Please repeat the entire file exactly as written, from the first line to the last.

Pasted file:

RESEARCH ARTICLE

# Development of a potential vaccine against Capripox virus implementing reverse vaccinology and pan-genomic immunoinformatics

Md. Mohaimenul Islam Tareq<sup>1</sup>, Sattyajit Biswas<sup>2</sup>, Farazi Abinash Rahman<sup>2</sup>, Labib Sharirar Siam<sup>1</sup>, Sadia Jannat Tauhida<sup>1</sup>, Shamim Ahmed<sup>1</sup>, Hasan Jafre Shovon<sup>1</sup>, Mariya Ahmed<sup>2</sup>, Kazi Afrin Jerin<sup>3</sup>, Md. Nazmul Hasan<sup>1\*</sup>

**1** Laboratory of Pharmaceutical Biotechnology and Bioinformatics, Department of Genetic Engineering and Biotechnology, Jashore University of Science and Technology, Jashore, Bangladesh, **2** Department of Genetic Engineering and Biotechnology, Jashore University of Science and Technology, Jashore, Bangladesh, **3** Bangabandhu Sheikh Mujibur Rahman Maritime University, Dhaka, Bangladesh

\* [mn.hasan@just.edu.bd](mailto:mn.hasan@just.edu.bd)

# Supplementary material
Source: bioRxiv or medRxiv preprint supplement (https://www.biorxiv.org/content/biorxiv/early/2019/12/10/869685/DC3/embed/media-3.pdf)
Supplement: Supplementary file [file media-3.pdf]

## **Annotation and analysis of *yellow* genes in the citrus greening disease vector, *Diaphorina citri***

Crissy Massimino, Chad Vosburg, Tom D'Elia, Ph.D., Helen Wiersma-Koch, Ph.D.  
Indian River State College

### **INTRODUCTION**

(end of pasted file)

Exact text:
RESEARCH ARTICLE

# Development of a potential vaccine against Capripox virus implementing reverse vaccinology and pan-genomic immunoinformatics

Md. Mohaimenul Islam Tareq<sup>1</sup>, Sattyajit Biswas<sup>2</sup>, Farazi Abinash Rahman<sup>2</sup>, Labib Sharirar Siam<sup>1</sup>, Sadia Jannat Tauhida<sup>1</sup>, Shamim Ahmed<sup>1</sup>, Hasan Jafre Shovon<sup>1</sup>, Mariya Ahmed<sup>2</sup>, Kazi Afrin Jerin<sup>3</sup>, Md. Nazmul Hasan<sup>1\*</sup>

**1** Laboratory of Pharmaceutical Biotechnology and Bioinformatics, Department of Genetic Engineering and Biotechnology, Jashore University of Science and Technology, Jashore, Bangladesh, **2** Department of Genetic Engineering and Biotechnology, Jashore University of Science and Technology, Jashore, Bangladesh, **3** Bangabandhu Sheikh Mujibur Rahman Maritime University, Dhaka, Bangladesh

\* [mn.hasan@just.edu.bd](mailto:mn.hasan@just.edu.bd)

# Supplementary material
Source: bioRxiv or medRxiv preprint supplement (https://www.biorxiv.org/content/biorxiv/early/2019/12/10/869685/DC3/embed/media-3.pdf)
Supplement: Supplementary file [file media-3.pdf]

## **Annotation and analysis of *yellow* genes in the citrus greening disease vector, *Diaphorina citri***

Crissy Massimino, Chad Vosburg, Tom D'Elia, Ph.D., Helen Wiersma-Koch, Ph.D.  
Indian River State College

### **INTRODUCTION**